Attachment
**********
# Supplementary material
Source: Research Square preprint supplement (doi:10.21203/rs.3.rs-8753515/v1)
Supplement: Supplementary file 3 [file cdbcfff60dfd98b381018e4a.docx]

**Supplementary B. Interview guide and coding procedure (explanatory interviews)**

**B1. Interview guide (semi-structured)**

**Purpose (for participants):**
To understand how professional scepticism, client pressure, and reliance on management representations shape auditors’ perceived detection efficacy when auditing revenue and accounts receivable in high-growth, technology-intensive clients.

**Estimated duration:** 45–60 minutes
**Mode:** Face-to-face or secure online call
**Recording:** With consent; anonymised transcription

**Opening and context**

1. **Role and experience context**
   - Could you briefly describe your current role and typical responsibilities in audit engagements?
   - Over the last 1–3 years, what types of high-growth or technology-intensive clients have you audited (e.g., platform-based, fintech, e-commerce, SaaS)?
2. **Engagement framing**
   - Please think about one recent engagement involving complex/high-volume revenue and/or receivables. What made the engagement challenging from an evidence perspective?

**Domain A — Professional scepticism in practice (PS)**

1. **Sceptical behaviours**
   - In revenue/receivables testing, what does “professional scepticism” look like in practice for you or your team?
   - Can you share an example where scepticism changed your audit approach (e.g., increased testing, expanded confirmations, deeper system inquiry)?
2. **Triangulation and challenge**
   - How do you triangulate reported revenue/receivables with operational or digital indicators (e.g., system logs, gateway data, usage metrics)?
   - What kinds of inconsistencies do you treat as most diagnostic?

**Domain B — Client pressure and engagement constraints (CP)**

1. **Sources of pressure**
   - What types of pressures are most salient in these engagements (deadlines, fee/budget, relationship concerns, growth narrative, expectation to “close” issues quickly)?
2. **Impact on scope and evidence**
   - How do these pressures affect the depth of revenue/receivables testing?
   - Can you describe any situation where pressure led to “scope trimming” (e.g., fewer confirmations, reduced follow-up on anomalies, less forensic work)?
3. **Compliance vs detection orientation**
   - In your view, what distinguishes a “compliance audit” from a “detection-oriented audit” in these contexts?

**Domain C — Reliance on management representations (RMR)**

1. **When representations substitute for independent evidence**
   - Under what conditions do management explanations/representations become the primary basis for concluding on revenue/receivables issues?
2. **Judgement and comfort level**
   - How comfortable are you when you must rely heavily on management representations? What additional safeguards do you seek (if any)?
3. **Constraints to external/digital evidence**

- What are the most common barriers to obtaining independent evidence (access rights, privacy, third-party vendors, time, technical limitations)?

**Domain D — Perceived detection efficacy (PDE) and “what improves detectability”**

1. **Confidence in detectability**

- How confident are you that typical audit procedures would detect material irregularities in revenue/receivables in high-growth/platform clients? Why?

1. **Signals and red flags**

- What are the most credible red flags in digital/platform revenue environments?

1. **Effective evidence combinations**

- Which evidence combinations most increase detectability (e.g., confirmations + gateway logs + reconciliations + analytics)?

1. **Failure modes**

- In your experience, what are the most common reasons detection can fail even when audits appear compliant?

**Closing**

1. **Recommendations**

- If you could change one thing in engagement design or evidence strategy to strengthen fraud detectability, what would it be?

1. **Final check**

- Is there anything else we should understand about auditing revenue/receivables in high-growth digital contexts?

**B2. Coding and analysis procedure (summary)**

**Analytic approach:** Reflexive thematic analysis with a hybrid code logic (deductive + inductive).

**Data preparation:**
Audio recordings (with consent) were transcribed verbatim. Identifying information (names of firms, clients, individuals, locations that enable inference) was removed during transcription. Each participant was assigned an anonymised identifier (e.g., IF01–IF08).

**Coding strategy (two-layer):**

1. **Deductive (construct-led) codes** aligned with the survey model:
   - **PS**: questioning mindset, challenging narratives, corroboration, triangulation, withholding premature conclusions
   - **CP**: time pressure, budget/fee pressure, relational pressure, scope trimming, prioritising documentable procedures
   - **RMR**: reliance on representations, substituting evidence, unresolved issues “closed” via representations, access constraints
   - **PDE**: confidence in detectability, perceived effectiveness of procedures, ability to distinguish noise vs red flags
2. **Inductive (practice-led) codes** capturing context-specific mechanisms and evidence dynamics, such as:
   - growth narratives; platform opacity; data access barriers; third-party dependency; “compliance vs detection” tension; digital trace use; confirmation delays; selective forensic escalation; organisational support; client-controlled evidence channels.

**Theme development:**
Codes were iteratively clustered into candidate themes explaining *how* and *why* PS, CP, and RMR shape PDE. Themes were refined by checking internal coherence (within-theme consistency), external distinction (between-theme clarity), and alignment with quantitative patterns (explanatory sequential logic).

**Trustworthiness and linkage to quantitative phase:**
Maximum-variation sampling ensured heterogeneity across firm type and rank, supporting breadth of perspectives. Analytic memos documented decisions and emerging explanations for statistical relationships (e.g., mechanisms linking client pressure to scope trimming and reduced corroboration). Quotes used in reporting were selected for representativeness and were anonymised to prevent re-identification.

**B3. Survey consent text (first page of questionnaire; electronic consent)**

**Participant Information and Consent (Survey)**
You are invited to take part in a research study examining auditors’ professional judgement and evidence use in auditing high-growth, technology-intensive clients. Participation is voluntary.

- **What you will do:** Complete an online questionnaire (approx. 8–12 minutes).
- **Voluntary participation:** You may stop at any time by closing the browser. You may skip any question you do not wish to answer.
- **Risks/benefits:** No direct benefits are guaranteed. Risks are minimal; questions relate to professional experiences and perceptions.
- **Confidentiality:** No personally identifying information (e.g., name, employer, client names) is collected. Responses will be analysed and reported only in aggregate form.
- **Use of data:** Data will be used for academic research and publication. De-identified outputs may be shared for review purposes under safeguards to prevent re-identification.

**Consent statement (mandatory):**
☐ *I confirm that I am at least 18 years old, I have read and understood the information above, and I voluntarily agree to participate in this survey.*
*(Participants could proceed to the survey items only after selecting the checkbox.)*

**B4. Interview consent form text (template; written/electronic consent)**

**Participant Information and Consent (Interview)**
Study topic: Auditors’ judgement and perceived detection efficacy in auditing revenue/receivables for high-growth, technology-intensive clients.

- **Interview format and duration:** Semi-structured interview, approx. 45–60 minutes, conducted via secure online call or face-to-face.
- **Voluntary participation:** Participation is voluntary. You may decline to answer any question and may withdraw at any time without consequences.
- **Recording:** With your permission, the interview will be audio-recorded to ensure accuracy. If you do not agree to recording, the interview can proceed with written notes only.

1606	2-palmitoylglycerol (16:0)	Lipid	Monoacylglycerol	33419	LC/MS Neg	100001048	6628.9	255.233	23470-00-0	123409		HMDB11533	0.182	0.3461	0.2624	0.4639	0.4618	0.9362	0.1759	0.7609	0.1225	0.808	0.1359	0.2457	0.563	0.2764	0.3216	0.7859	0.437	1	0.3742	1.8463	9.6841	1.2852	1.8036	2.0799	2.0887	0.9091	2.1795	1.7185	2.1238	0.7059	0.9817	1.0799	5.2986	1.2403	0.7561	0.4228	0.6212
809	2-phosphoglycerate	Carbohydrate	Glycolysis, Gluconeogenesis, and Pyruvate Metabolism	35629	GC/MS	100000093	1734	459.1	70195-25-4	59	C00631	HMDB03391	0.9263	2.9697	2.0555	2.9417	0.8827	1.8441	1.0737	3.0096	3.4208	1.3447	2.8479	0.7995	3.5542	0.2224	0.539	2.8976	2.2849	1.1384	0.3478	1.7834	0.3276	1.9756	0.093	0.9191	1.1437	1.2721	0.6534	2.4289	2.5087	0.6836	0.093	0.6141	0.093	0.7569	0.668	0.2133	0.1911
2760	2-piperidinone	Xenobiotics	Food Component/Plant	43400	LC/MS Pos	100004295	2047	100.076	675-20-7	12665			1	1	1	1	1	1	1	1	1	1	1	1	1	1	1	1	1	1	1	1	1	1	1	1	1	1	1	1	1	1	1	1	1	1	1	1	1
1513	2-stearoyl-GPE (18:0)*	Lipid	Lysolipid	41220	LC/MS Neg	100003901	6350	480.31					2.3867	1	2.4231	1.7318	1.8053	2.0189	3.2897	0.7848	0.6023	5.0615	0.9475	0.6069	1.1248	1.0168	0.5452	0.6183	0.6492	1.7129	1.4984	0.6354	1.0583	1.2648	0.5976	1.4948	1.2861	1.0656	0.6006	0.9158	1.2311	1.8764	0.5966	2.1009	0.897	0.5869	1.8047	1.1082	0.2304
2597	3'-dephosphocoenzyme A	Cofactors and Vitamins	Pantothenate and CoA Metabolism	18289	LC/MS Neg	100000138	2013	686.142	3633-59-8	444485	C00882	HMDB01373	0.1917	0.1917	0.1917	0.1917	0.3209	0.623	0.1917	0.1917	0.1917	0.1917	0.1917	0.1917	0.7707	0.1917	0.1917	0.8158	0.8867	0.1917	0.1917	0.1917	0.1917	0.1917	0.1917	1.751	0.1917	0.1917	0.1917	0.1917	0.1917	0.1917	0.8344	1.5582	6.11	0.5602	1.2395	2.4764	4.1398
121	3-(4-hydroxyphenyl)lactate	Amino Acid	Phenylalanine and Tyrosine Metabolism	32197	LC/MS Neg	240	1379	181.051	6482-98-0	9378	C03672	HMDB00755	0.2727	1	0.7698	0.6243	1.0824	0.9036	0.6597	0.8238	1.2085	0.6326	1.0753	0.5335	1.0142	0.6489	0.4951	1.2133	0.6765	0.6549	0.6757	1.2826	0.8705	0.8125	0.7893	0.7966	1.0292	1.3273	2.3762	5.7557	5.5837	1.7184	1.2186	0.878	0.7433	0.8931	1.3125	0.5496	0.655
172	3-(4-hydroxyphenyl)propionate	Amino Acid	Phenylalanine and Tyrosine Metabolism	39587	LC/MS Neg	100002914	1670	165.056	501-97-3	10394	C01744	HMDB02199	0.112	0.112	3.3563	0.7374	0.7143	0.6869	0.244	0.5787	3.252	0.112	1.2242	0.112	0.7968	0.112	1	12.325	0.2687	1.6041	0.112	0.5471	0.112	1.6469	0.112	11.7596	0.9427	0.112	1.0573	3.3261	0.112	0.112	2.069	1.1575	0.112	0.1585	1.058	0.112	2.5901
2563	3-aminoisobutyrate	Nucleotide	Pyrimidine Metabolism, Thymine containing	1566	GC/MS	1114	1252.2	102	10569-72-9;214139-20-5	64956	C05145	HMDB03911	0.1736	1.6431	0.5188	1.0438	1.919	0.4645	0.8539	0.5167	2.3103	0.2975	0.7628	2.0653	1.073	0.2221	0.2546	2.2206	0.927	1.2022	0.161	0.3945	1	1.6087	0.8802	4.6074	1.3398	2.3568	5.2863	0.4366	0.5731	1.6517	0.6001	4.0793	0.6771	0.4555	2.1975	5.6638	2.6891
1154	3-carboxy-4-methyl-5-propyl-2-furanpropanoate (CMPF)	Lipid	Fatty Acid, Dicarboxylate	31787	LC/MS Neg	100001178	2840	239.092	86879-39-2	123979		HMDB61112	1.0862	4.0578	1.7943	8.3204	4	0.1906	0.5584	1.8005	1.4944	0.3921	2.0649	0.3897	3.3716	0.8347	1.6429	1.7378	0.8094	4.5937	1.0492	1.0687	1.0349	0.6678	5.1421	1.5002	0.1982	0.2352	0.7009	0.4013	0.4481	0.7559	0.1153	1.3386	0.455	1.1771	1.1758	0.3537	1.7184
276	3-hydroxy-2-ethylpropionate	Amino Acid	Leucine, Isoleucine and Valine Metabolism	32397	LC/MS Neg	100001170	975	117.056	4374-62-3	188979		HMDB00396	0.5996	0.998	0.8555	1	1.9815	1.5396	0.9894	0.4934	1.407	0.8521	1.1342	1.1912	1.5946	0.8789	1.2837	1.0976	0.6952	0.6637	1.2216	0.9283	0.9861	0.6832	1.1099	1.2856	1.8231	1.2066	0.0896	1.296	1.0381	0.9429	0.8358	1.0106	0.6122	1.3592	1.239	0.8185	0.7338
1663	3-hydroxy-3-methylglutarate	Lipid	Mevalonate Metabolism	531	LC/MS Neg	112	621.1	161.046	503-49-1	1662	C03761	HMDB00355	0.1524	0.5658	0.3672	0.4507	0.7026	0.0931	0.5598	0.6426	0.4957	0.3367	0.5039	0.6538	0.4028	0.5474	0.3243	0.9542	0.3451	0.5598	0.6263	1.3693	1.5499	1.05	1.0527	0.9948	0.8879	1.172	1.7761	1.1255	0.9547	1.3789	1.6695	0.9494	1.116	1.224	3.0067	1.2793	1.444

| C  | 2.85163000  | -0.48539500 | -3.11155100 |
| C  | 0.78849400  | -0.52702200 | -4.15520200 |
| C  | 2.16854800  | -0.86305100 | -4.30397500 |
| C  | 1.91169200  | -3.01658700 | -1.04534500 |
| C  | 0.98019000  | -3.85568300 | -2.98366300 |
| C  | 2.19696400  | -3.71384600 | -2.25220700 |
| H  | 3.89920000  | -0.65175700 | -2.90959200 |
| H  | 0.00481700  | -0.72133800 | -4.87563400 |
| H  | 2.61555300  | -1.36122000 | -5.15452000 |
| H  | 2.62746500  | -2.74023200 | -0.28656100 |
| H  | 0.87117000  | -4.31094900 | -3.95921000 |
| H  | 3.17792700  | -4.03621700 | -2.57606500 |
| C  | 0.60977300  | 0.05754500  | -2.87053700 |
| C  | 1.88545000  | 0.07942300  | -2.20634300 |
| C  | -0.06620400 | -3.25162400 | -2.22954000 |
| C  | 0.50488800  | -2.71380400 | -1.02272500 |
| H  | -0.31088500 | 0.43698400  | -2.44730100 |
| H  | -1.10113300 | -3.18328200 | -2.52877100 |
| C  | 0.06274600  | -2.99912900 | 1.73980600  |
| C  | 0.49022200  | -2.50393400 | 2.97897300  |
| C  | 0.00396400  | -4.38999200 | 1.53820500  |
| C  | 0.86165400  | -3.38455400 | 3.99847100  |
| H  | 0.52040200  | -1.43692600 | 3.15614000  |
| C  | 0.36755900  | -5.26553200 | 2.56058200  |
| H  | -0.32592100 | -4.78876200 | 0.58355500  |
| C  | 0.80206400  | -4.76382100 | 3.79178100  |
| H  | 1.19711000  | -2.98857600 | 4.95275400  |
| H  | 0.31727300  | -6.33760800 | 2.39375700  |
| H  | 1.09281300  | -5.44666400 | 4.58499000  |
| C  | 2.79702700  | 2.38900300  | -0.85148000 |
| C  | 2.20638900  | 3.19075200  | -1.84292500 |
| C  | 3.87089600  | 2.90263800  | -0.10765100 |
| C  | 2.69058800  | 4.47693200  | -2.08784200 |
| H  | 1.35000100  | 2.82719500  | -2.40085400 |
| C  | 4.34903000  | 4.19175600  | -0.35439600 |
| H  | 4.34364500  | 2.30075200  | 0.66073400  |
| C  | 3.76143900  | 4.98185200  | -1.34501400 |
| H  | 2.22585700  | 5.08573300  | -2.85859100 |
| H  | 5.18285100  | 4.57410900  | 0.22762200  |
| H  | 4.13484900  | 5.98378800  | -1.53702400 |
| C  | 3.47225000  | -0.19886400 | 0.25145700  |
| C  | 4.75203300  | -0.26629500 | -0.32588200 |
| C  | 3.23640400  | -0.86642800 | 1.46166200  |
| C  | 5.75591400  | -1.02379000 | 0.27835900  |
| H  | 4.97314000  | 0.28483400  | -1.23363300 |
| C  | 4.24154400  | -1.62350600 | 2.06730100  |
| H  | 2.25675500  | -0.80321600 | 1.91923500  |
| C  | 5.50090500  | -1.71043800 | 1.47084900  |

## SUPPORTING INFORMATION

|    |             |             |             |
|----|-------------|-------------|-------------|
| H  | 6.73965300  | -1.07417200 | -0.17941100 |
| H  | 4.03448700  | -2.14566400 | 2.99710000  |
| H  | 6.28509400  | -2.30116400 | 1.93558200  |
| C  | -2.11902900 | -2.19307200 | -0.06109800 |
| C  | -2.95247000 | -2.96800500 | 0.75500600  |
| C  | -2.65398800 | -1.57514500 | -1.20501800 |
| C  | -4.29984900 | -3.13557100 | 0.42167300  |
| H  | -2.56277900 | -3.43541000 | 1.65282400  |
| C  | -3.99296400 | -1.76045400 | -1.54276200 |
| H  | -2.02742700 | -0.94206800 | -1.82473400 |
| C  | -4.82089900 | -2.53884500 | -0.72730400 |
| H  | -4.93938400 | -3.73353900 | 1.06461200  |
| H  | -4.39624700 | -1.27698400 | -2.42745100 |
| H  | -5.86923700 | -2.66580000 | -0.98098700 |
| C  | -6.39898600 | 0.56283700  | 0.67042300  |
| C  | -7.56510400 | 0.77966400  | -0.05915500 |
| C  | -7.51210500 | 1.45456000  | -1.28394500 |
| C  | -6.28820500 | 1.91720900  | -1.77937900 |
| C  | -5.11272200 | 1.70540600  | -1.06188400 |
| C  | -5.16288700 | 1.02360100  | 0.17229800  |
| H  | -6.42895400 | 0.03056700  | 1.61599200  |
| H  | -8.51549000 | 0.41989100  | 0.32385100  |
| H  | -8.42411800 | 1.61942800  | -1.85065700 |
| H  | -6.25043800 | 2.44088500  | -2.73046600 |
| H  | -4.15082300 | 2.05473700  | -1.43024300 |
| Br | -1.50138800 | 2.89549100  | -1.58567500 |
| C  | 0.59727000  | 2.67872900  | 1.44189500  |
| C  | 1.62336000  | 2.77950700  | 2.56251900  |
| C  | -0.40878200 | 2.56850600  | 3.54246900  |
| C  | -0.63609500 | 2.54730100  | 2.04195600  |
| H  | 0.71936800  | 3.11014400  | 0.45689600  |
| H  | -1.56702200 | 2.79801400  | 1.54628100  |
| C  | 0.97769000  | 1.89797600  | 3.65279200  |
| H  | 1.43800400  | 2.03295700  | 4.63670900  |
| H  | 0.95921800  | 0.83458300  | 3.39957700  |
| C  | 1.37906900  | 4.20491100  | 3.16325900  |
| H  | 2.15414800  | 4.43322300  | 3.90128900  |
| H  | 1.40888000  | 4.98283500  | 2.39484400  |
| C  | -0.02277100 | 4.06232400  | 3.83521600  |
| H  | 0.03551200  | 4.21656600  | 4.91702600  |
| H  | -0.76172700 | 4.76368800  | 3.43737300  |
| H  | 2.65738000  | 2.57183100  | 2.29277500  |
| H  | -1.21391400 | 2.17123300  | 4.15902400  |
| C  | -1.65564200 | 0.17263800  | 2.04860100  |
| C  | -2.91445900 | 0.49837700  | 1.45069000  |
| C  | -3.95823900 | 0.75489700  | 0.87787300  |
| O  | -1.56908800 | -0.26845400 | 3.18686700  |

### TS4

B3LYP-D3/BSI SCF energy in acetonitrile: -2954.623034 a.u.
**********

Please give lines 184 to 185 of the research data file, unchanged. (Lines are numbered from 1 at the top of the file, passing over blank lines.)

| H  | 2.15414800  | 4.43322300  | 3.90128900  |
| H  | 1.40888000  | 4.98283500  | 2.39484400  |